So it occurs to me that a lot of the reviews complaining of Christianity being “ignored,” “cut,” “whitewashed” or “secularized” (all words I’ve seen) from “Tolkien” are basically looking for a kind of culture-war approach in which we see explicitly “religious” actions as the mark of what it means to portray Christianity. That thought occurred to me when I read one review that said the film was “secularizing” Tolkien’s life. A-ha — secularizing! What is that word supposed to mean here? It means that the religion is being subtracted so that it’s not actually evident.
But is it not?
I am not going to claim that the filmmakers were actually just trying to be stealthy in portraying Tolkien’s faith (there was apparently a communion scene that got filmed but cut), but my sense of these reviews I’ve read is that they would actually not find Middle-earth itself to be Christian enough because Jesus never steps out from behind an Ent somewhere to say hello. I mean, no one in Middle-earth even goes to church, and there is almost no prayer.
But shouldn’t the unabashedly Catholic Tolkien be shown doing those things? Well, yes, I would like to have seen some of that made explicit. But does that mean that his faith was “cut” or “whitewashed” or “secularized” out of the film? I don’t think so.
Does the film show us that J. R. R. Tolkien is a Catholic Christian? YES. But not enough, apparently. Okay.
But, more importantly to me: Does the film contain any Christian themes? YES. I mean, if you’ve read this far, you already know this.
And I think one of the things also being ignored in these reviews is that they are looking for Christian identity-markers in a film which covers a period which Tolkien himself identified as being very problematic for the practice of his faith. He wrote the following in 1963 to his son Michael:
But I fell in love with the Blessed Sacrament from the beginning – and by the mercy of God never have fallen out again: but alas! I indeed did not live up to it. I brought you all up ill and talked to you too little. Out of wickedness and sloth I almost ceased to practise my religion – especially at Leeds, and at 22 Northmoor Road. Not for me the Hound of Heaven, but the never-ceasing silent appeal of Tabernacle, and the sense of starving hunger. I regret those days bitterly (and suffer for them with such patience as I can be given); most of all because I failed as a father. Now I pray for you all, unceasingly, that the Healer (the Hælend as the Saviour was usually called in Old English) shall heal my defects, and that none of you shall ever cease to cry Benedictus qui venit in nomine Domini. (Letter 250)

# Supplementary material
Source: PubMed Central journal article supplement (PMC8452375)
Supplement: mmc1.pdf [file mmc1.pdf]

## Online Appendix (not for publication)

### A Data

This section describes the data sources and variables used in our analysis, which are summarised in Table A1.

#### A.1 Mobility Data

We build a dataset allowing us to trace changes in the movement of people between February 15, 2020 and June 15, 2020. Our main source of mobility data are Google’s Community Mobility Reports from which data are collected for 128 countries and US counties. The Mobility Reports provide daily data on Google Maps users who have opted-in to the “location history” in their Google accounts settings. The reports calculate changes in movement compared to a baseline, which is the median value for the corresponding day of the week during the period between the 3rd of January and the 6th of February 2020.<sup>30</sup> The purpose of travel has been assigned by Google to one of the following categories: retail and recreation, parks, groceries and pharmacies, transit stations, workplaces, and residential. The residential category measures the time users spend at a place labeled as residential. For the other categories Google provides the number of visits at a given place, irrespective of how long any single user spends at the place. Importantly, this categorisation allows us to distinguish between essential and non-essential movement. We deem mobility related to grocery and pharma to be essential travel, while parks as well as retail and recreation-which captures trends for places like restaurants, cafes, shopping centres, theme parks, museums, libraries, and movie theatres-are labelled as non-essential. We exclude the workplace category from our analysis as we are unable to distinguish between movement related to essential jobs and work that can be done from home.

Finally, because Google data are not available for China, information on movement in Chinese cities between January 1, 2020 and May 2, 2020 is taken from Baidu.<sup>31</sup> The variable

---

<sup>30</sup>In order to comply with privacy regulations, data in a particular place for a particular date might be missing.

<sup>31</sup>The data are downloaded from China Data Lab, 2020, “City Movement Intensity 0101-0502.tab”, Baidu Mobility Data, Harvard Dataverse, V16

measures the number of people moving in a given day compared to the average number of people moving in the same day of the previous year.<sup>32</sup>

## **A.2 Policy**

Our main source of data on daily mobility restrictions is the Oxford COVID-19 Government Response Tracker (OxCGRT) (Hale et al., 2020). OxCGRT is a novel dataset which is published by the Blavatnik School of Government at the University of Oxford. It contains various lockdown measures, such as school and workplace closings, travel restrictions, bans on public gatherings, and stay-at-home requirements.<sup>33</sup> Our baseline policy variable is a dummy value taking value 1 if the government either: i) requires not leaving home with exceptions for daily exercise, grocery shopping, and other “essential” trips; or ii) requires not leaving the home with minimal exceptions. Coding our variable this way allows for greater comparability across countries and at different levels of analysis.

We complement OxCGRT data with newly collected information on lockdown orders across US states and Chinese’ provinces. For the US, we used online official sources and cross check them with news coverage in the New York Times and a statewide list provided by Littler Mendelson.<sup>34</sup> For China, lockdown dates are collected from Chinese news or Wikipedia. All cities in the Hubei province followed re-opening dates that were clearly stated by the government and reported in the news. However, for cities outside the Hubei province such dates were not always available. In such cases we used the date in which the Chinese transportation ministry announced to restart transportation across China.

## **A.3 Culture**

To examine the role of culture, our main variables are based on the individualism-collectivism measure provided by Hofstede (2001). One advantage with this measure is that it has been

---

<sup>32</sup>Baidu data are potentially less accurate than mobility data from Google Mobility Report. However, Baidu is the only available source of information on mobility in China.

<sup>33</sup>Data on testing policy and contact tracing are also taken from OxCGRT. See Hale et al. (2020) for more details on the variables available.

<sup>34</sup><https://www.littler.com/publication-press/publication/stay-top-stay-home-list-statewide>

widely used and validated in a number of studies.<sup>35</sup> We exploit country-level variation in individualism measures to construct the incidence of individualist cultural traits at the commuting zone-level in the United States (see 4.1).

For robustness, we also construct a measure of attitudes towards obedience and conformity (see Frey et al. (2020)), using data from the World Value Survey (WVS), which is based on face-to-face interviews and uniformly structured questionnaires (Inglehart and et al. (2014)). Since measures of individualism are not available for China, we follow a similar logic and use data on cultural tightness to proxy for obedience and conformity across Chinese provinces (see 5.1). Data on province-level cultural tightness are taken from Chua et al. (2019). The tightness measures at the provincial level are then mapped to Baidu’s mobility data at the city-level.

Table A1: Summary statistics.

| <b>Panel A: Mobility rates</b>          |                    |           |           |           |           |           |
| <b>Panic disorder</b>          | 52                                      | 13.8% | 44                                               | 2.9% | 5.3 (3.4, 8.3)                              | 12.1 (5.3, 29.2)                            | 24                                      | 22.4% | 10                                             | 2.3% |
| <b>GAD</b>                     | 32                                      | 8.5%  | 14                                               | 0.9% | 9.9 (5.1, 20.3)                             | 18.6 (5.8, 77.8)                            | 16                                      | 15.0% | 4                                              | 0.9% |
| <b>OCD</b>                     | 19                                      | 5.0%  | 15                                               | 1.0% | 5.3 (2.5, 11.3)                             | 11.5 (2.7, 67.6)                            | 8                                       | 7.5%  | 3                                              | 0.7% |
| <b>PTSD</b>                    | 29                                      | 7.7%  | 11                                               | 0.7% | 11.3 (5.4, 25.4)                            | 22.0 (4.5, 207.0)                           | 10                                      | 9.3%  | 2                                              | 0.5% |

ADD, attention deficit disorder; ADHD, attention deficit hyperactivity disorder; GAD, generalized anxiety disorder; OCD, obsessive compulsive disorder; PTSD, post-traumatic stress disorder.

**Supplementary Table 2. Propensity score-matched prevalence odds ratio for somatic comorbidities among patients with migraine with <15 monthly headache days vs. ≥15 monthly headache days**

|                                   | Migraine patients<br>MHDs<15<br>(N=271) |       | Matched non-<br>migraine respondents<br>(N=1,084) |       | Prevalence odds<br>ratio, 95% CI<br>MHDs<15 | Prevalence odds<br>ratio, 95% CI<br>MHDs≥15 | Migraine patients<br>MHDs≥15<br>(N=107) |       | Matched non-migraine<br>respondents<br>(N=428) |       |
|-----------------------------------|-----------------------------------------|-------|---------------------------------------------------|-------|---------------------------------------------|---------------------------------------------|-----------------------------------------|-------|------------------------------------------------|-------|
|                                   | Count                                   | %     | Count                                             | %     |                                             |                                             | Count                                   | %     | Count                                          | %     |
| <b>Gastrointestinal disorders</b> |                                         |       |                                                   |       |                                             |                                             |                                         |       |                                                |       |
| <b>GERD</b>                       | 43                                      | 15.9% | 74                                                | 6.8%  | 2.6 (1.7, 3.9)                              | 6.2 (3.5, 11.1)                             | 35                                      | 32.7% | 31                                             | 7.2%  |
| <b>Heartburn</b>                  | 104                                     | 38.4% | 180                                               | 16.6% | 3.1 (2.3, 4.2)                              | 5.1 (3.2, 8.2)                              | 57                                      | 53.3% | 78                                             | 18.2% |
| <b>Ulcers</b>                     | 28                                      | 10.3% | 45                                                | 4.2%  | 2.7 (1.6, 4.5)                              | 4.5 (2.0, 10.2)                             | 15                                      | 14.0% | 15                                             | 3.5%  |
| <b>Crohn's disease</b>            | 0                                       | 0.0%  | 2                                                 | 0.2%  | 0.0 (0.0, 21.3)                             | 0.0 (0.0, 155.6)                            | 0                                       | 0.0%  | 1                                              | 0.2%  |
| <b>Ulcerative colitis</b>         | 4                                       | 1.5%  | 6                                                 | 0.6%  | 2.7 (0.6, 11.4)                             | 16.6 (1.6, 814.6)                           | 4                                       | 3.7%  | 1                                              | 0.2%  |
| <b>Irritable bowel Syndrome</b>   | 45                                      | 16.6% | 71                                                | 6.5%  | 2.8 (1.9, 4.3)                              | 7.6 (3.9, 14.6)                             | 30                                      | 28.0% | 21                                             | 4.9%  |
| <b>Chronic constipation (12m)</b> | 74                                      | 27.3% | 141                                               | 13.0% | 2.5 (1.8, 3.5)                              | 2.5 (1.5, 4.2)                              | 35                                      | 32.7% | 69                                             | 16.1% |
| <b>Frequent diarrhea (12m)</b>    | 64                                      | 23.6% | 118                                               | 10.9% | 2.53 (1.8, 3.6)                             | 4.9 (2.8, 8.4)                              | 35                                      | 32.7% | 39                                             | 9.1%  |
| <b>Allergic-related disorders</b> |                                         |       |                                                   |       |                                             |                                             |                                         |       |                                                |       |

His time at Leeds and Northmoor Road (which is in Oxford) is just about all the 1920s-40s, which is a big chunk of the period covered in the film. He would have been 28 at the beginning of the period in Leeds — only four years into his marriage with Edith — and in his mid-fifties by the time he moved away from Northmoor Road in 1947. Is it possible that his struggles with practicing his faith might have started earlier in his twenties? I don’t know, but it’s not unreasonable to wonder.
Even before that, by the way, Tolkien described, for instance, his first year at college as a fall into “folly and slackness” in Letter 43, written in 1941. I haven’t yet found anything by him specifically describing the state of his faith during that year (write to me if you know of something!), but might a time of “folly and slackness” not also include some failure to practice his faith? That seems reasonable to wonder, as well.
Now, if I were making the film, I would have found it very interesting to show his struggle in that period in which, in his words, he “almost ceased to practise [his] religion,” a period in age which covers his twenties into his forties — a time not unknown to be one of struggle in faith for many people.
This period was rather different from the one in his later life in which he was very explicitly and staunchly Catholic (and even rather “papist,” by the way, as also seen in Letter 250!), and all this was particularly in the face of many changes in the Roman Catholic Church which he did not like at all. So I think that some of the reviewers who wanted to see a more Catholic Tolkien are probably expecting the older, more mature Tolkien in a film that is limited to portraying the younger one.
All that said, does this really mean that Christianity was absent from the film’s depiction?
I don’t think so. To everything said up to this point I would also add that I did not see anything in the film’s depiction of Tolkien himself that actually contradicts Christianity. And there are a good many things we see that are expressions of Christian themes, such as love, friendship, self-sacrifice, chastity, humility, diligence.
Is This a Tolkienian Film?